Should Morgan stay healthy and not need any rest at all during a World Cup run that could last a full month and encompass seven games, it won’t be a problem. But that hardly seems realistic.


The fan base of the United States women’s national team is one of the most self-loathing groups in soccer, constantly convinced that disaster is right around the corner.

This month’s group-think fear seemed to be that the U.S. can’t beat a low-block, the type of defending China used to stymie the American attack for long stretches.

First, it should be admitted that teams deploy this strategy because it works. It is far easier to destroy rather than create, and teams use this tactic to nullify the advantage of superior teams and have done so for years. CONCACAF teams frequently use it against the U.S. and, most recently, Sweden used it against the Americans in the 2016 Olympics—most memorably resulting in Hope Solo’s “cowards” comments after the Swedes eliminated the U.S.

While the U.S. did struggle to run up the score against China, they did break down the block repeatedly in both games. Yes, the Americans’ finishing could have been better, but there’s also no doubt that the attack of this U.S. squad is much better than the 2016 version.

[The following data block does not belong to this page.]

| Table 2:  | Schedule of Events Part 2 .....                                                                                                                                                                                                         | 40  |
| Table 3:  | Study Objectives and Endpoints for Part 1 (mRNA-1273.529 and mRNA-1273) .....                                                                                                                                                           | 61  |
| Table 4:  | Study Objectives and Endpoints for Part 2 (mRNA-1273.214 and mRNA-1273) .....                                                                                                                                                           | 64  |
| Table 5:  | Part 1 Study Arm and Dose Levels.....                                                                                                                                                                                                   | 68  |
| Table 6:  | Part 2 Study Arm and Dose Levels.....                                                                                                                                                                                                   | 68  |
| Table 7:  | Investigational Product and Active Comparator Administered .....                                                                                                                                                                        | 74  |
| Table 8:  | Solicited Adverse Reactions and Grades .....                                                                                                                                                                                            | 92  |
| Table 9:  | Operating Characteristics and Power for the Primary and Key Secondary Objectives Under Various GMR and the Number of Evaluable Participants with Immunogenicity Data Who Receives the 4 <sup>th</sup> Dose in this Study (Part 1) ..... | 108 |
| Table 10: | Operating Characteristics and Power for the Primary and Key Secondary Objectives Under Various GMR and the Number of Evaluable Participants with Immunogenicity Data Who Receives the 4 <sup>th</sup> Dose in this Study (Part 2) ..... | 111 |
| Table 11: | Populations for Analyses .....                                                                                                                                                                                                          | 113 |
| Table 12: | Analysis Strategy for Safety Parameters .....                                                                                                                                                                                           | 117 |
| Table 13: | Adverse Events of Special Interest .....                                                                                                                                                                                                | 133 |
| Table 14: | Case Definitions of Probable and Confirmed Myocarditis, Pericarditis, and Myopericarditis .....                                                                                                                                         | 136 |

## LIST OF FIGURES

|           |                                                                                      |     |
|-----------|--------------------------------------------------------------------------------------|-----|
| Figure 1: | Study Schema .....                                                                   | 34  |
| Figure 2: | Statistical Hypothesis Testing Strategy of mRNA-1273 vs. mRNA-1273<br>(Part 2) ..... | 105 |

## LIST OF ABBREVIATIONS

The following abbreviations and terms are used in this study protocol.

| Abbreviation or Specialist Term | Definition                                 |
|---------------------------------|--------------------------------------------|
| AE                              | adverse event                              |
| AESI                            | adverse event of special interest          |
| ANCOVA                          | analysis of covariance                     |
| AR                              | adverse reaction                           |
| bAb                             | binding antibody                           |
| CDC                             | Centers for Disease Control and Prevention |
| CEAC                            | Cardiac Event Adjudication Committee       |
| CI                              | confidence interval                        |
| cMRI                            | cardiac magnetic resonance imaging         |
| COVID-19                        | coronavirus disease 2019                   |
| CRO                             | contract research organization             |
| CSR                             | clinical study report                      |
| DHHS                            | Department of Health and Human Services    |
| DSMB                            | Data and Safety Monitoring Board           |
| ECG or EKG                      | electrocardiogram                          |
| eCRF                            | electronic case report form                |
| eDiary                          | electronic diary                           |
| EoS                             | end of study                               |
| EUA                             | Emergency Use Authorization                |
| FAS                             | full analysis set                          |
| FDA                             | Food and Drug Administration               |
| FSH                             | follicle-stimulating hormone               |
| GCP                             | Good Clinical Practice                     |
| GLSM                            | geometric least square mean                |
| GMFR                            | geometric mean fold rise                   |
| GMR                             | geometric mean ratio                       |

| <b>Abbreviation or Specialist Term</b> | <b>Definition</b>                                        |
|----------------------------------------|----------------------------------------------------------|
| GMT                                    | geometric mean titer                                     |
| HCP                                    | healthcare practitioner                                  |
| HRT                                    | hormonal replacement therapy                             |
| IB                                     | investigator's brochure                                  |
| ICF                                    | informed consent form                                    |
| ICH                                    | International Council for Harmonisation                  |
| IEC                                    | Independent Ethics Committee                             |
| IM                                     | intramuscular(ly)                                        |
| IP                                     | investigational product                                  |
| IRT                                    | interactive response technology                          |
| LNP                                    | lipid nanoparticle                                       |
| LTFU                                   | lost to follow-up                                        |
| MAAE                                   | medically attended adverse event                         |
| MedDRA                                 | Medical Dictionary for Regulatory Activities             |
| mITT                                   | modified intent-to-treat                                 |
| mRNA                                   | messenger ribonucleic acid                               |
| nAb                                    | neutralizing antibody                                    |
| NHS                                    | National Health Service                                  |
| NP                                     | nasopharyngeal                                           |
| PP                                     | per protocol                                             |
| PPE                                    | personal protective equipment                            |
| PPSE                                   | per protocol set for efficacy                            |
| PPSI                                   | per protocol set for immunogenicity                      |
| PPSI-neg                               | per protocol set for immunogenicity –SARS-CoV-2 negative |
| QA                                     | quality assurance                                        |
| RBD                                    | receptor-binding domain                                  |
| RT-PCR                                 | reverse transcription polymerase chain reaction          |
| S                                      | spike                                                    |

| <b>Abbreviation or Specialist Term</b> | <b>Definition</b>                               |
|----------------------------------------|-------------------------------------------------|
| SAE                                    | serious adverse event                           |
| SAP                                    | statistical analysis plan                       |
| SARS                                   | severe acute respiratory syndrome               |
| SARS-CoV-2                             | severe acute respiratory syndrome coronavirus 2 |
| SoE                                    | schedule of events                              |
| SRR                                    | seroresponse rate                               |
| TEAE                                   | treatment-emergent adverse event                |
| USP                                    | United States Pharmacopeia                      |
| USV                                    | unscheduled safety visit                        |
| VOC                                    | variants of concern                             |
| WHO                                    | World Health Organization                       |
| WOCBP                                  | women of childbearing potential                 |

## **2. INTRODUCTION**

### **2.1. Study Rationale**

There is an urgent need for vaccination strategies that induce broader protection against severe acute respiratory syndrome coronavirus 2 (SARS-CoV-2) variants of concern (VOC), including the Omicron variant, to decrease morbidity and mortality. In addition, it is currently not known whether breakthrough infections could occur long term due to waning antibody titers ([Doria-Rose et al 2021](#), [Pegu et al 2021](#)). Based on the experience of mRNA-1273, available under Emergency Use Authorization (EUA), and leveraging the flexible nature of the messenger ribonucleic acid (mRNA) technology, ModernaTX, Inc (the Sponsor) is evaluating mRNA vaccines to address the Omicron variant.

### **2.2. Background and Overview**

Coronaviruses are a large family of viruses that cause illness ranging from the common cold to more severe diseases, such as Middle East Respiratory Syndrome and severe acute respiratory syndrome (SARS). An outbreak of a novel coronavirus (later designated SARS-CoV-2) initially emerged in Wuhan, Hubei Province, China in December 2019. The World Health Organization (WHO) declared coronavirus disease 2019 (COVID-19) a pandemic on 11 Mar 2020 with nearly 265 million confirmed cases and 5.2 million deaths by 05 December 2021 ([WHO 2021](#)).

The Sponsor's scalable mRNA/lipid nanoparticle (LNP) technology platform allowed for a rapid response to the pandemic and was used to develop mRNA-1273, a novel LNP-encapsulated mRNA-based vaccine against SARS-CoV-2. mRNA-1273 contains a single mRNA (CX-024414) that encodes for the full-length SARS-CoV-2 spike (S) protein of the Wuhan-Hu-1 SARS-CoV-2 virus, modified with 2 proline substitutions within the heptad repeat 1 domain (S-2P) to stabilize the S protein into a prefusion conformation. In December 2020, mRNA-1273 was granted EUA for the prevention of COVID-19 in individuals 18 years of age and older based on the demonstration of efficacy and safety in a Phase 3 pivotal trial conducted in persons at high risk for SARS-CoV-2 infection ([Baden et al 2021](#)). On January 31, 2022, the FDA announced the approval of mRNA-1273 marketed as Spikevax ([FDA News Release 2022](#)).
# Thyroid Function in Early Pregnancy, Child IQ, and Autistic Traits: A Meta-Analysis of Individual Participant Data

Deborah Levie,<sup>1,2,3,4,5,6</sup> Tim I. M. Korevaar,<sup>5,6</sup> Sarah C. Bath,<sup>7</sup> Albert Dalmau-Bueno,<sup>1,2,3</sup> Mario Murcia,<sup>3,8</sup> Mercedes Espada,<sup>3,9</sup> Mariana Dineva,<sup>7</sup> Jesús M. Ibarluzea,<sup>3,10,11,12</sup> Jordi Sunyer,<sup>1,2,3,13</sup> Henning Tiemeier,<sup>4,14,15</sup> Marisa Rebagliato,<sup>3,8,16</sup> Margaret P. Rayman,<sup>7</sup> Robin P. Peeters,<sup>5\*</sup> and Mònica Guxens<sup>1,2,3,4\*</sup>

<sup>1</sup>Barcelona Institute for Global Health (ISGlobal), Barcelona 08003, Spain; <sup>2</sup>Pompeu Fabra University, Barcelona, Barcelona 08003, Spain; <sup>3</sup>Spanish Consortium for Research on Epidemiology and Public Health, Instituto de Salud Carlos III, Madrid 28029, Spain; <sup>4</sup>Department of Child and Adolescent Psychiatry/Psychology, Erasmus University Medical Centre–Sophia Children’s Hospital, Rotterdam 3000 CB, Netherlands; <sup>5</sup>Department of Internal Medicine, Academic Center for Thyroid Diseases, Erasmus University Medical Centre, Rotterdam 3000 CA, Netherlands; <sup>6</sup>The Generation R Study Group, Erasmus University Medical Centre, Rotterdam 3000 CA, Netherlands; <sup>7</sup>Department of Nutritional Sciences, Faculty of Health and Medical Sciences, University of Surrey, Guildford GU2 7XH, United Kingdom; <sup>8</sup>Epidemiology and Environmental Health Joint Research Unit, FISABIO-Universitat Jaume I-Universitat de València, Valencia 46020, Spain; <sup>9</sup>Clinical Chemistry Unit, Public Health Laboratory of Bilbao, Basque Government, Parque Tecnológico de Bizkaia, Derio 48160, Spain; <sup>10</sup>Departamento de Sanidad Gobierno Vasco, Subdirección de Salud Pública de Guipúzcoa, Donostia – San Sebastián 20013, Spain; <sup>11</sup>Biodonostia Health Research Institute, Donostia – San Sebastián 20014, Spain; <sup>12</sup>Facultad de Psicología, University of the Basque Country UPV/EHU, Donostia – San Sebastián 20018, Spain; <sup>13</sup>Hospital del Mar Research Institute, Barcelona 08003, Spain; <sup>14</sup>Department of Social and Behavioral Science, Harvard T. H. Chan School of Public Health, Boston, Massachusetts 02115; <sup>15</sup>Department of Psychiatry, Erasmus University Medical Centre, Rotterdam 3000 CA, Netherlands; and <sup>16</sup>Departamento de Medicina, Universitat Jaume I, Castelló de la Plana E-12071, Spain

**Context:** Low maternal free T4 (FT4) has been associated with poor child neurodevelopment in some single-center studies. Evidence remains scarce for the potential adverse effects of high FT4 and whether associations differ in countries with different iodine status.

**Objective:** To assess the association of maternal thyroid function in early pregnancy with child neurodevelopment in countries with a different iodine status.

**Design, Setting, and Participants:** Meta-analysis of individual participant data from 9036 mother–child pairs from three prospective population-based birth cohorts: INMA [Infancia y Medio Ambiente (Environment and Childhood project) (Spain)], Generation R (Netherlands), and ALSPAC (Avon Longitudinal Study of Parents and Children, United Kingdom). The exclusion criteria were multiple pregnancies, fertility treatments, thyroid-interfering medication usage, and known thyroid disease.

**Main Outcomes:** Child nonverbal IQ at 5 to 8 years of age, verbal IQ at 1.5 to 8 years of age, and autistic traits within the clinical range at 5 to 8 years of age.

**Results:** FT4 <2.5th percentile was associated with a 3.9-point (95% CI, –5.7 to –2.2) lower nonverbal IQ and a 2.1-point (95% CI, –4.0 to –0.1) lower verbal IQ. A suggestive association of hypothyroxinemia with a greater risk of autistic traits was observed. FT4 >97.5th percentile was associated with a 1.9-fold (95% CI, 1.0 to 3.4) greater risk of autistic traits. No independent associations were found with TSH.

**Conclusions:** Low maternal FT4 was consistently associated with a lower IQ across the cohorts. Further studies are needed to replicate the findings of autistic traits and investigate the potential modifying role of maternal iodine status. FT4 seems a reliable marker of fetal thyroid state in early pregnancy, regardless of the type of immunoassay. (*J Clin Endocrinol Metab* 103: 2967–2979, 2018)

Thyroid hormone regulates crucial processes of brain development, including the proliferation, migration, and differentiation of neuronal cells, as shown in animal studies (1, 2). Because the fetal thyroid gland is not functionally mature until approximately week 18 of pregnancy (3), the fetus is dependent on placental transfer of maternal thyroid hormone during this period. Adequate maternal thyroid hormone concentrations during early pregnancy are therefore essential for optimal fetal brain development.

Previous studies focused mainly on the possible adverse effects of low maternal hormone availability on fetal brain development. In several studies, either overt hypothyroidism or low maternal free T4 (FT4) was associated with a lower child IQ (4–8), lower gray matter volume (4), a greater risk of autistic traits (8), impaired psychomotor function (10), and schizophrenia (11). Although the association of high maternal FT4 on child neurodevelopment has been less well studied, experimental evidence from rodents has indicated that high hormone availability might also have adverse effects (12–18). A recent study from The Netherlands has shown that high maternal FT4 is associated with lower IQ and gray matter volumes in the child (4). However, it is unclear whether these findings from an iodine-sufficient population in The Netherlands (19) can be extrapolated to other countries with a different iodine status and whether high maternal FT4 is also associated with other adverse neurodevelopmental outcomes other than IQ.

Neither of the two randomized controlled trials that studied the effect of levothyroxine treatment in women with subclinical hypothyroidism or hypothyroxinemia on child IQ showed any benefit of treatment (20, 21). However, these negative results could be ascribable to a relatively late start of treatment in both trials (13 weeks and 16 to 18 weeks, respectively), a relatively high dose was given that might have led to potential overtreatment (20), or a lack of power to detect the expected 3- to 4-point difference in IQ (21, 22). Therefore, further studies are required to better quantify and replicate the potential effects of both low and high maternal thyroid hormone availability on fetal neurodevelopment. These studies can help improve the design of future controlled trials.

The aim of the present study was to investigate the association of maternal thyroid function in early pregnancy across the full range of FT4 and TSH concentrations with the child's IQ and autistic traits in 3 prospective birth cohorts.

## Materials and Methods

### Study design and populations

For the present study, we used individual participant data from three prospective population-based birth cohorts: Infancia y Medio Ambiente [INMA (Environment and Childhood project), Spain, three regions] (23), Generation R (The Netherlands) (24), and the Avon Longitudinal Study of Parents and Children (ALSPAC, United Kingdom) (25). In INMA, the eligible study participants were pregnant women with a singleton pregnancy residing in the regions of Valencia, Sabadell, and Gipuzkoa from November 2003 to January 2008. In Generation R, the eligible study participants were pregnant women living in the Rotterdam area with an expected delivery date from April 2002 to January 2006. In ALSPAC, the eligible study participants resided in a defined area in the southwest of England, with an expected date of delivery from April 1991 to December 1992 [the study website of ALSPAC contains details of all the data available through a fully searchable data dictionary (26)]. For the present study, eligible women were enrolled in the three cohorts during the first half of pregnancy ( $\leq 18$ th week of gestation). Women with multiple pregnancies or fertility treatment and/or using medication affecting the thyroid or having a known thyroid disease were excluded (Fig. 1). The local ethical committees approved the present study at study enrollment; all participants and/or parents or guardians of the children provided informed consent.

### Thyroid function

Morgan is finally back in top form, as is Rapinoe—who entered the 2016 tournament fresh off an ACL recovery. Mallory Pugh is a few years older and Lindsey Horan more settled into her role as a center midfielder. Julie Ertz is now holding down the fort as the team’s No. 6 and the creative Sam Mewis is now a regular starter.

Of course, the Americans do still need to sort out their defense—finding consistency at goalkeeper and a stable backline—but the U.S.’ offense is undoubtedly in a better position than two years ago.

John D. Halloran is an American Soccer Now columnist. Follow him on Twitter.